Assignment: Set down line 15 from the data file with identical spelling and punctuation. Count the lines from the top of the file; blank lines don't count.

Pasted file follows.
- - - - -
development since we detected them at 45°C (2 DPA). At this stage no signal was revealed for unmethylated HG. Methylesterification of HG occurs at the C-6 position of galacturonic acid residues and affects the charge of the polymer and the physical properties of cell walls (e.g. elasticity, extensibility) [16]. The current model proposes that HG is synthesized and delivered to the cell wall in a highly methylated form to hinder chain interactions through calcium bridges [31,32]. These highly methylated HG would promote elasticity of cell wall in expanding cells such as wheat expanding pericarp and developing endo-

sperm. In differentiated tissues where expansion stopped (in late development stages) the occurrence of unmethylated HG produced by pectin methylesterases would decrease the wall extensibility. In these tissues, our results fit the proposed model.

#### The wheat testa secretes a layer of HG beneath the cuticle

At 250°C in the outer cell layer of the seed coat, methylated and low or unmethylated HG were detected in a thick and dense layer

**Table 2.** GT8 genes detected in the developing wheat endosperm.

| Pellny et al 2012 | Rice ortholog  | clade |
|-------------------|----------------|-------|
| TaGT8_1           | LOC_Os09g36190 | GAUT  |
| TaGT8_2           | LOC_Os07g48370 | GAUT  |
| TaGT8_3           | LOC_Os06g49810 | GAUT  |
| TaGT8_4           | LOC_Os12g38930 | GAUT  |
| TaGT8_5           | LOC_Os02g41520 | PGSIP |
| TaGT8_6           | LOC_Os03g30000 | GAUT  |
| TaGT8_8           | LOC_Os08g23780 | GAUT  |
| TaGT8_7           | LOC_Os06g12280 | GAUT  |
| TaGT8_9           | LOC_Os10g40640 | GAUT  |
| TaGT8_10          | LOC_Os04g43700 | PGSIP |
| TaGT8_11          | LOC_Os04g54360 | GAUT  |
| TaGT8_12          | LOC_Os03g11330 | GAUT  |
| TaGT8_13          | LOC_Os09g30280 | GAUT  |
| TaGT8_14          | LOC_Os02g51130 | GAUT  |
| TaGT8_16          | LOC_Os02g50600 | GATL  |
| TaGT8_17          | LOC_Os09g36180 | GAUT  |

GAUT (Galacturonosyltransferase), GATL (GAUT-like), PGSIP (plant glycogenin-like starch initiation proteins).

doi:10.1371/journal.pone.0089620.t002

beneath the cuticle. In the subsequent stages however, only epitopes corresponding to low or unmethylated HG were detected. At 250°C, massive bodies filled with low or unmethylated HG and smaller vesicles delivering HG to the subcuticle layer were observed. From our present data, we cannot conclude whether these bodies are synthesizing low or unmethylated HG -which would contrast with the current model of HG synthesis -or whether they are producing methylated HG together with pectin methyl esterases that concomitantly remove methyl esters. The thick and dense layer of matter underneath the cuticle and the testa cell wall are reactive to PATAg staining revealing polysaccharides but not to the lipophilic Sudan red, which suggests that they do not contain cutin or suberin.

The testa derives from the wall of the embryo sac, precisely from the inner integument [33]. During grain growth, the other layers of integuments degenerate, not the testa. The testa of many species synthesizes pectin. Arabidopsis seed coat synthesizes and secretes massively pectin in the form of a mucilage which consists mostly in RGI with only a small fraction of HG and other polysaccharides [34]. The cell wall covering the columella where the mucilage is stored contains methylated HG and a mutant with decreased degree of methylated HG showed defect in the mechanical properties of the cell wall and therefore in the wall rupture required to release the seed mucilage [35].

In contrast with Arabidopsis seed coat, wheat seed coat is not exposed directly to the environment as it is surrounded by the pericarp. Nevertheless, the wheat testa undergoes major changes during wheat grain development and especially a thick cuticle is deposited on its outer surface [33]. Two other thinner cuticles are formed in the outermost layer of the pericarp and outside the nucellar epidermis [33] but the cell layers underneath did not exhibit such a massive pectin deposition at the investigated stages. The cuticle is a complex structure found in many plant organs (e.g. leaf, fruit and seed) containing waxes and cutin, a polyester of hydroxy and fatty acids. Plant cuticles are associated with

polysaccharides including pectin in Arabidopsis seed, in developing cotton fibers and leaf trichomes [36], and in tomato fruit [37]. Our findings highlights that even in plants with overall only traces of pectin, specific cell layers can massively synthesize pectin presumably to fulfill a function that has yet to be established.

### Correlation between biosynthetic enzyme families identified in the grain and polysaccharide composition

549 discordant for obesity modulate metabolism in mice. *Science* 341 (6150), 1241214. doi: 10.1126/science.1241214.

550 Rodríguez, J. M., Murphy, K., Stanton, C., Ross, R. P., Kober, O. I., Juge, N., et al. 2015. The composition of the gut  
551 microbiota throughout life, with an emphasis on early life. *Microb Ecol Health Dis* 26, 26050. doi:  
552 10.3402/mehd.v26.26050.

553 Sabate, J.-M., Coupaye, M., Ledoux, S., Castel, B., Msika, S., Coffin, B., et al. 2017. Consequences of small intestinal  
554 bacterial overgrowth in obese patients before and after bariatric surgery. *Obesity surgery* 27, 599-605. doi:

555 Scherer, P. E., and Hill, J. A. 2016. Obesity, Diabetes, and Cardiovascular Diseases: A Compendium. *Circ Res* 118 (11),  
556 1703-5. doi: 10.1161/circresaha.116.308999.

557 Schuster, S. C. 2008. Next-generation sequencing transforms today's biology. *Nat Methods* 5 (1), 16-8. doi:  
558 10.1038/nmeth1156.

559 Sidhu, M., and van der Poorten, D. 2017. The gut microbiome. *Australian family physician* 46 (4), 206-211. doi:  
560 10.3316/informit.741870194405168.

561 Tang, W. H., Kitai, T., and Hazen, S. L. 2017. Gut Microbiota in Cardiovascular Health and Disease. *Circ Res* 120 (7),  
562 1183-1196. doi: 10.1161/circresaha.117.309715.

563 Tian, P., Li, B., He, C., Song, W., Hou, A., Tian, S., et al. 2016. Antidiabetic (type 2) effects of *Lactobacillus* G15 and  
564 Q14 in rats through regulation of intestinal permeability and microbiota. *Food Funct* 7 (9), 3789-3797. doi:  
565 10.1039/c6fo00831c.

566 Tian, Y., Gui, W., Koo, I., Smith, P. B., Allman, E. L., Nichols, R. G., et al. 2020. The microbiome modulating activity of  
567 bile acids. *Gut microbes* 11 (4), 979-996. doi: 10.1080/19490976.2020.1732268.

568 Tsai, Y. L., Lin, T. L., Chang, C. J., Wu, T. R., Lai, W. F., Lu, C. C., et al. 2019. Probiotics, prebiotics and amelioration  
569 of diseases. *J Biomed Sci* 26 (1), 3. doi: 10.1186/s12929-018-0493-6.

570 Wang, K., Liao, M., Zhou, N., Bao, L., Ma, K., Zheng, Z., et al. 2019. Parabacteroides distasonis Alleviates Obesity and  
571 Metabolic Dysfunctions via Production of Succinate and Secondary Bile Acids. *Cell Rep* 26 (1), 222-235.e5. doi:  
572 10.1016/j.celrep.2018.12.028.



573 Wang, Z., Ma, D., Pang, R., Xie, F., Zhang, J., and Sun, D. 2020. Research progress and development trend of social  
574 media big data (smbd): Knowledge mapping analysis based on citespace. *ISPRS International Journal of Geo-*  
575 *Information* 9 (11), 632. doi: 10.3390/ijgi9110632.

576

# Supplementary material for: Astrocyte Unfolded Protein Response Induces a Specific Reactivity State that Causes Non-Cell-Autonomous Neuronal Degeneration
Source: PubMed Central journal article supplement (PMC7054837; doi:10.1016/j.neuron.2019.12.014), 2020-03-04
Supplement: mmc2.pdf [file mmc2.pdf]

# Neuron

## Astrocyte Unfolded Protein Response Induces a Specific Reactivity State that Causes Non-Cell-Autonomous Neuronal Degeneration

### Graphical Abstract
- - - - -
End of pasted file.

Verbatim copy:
| TaGT8_7           | LOC_Os06g12280 | GAUT  |